The Public Health Service (PHS) Policy on Humane Care and Use of Laboratory Animals (Policy) not only addresses the humane use of animals, but the entire institutional program of animal care and use. There are many components to a program and although no two institutional programs are identical, all programs are expected to include:
- designation of an Institutional Official;
- appointment of an Institutional Animal Care and Use Committee (IACUC);
- administrative support for the IACUC;
- standard IACUC procedures;
- arrangements for a veterinarian with authority and responsibility for animals;
- adequate veterinary care;
- formal or on-the-job training for personnel that care for or use animals;
- an occupational health and safety program for those who have animal contact;
- maintenance of animal facilities; and
- provisions for animal care.
The next section, Program of Animal Care & Use, describes in detail each component of a program of animal care and use.
The Institutional Official (IO) is “The individual who, as a representative of senior administration, bears ultimate responsibility for the Program and is responsible for resource planning and ensuring alignment of Program goals with the institution’s mission.” (Guide, p. 13) The IO makes commitments on behalf of the institution to ensure compliance with the PHS Policy.
The IO relies on the IACUC to oversee the program, to develop plans to correct program deficiencies, to address concerns that may arise regarding the institution's use of animals, and to make recommendations with regard to the program. Through semiannual reports to the IO and open channels of communication, the IACUC keeps the IO informed of the status of the program and alerts the Official to potential noncompliance with the PHS Policy.
Documents submitted to OLAW, such as an Animal Welfare Assurance, annual report, and reports of noncompliance, are submitted by the IACUC, through the IO, and should bear his or her signature as the official responsible for animal welfare at the institution.
Before the PHS may award a grant or contract that involves the use of animals, the recipient institution and all performance sites involving or using animals must have on file with OLAW an approved Animal Welfare Assurance (Assurance).
The Assurance is the cornerstone of a trust relationship between the institution and the PHS. Included in the Assurance are:
- a commitment that the institution will comply with the PHS Policy, with the Guide for the Care and Use of Laboratory Animals, and with the Animal Welfare Act and Regulations;
- a description of the institution's program for animal care and use; and
- the designation of the Institutional Official responsible for compliance.
There are 3 types of Assurances:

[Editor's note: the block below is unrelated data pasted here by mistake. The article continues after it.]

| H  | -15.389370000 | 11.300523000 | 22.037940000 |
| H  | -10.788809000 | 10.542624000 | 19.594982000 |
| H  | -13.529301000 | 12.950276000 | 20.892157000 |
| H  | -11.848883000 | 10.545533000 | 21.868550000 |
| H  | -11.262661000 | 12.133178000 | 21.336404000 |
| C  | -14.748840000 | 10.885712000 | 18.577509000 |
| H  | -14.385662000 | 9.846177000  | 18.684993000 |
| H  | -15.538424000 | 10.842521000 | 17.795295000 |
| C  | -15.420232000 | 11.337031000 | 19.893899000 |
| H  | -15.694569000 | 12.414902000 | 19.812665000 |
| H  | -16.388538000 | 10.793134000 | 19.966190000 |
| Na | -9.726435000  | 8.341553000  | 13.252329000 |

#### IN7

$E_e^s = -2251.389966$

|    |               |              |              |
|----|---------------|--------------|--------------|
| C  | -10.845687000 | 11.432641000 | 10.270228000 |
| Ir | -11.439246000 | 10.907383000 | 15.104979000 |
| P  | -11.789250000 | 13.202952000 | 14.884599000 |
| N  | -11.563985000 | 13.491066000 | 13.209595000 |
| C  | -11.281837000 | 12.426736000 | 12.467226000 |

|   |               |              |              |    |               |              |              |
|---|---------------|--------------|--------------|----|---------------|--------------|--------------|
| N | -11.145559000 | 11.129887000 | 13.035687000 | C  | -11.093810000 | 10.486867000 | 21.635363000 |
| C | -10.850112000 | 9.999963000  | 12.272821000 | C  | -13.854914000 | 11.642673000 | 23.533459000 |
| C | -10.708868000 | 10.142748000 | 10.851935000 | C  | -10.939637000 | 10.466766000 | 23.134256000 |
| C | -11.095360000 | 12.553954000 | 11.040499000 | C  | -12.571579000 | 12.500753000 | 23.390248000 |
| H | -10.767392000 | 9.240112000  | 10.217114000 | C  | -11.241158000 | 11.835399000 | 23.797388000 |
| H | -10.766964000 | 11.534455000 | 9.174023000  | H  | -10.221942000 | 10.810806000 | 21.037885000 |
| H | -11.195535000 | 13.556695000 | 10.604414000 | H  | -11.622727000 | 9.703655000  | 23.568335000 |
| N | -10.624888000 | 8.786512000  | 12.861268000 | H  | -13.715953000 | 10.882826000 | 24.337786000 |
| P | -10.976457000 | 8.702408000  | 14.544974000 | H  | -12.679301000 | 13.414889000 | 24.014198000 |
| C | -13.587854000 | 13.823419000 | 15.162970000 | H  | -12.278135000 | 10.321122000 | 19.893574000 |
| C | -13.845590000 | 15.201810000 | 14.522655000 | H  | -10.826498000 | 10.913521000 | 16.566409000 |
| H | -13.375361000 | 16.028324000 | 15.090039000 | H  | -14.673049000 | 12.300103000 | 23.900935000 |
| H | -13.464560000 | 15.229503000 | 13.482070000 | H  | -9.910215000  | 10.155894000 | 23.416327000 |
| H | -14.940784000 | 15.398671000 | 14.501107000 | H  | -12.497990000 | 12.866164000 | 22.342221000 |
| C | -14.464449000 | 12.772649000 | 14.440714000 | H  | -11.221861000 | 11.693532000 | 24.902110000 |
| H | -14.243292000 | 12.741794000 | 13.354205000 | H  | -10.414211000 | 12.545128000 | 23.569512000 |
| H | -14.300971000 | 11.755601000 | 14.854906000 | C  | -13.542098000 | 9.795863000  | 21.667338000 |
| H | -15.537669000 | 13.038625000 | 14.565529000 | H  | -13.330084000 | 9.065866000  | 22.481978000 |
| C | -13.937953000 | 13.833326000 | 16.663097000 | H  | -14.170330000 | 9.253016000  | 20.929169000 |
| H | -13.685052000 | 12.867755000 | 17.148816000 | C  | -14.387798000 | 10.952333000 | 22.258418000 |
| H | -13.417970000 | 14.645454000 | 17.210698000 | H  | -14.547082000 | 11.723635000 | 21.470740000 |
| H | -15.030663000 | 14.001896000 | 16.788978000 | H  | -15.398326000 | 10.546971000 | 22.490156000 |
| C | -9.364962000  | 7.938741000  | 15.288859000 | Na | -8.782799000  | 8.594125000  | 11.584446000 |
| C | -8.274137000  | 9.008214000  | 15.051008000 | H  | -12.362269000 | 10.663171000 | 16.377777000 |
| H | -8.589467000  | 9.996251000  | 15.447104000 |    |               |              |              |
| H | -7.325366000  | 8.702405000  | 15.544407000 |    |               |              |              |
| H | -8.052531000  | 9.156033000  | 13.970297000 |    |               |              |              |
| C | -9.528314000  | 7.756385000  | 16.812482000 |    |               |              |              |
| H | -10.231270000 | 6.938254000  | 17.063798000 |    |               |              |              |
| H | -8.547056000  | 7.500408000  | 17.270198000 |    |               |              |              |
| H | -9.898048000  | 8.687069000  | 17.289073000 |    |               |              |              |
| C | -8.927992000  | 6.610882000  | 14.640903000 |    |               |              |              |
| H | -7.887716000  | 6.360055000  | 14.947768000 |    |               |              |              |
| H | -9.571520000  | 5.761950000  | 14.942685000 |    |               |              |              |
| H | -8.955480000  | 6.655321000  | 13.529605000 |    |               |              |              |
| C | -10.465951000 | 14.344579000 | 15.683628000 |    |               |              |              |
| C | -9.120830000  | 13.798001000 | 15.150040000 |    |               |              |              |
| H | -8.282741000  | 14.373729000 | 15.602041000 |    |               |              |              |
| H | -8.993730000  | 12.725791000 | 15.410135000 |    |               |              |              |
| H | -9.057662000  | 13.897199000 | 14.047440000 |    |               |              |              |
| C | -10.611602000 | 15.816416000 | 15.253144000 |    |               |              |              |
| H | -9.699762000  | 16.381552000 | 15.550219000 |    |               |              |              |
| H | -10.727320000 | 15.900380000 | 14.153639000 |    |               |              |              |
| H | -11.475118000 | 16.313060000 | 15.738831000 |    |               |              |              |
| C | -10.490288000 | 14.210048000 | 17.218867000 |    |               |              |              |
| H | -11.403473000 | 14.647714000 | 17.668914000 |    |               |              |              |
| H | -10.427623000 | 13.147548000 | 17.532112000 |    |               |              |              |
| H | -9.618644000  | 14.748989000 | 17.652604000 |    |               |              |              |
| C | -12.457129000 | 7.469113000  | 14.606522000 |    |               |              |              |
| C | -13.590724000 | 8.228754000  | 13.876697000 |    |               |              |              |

Each institution conducting PHS funded research using animals must have one of these types of Assurances.
Domestic Assurances are negotiated with U.S. institutions that control their own animal facilities, conduct animal research on-site, and have an animal care and use program with an Institutional Official, an IACUC, and a veterinarian with program authority.
An Interinstitutional Assurance is required if the grantee organization has no animal facility and will do the work at an Assured performance site. The Interinstitutional Assurance binds the awardee institution with the Assured performance site to ensure the humane care and use of animals.
A Foreign Assurance is required if the direct award is made to an institution outside the U.S, or if the domestic awardee has a foreign performance site. In the situation where there is collaboration between a domestic awardee and a foreign institution, the domestic institution must provide IACUC approval. The foreign institution agrees to follow the International Guiding Principles for Biomedical Research Involving Animals (PDF) developed by the Council for International Organizations of Medical Sciences (CIOMS) and to comply with all laws, regulations, and policies regarding the humane care and use of laboratory animals in their country of origin.
The PHS Policy is based on a concept of enforced self-regulation. Once an institution has prepared an Animal Welfare Assurance and the Assurance has been approved by OLAW, the institution is in a position to regulate itself. This concept is described as enforced self-regulation because if the institution fails to self-regulate, the approval of the Assurance may be restricted or withdrawn by OLAW.
The concept of enforced self-regulation encompasses:
- institutional commitment through an Assurance;
- the designation of an Institutional Official authorized to assume the obligations imposed by the PHS Policy;
- regular monitoring of the program for animal care and use by an IACUC;
- IACUC review of protocols that involve the use of laboratory animals;
- institutional identification and correction of deficiencies;
- institutional reporting to OLAW;
- performance standards wherever possible; and
- use of professional judgment.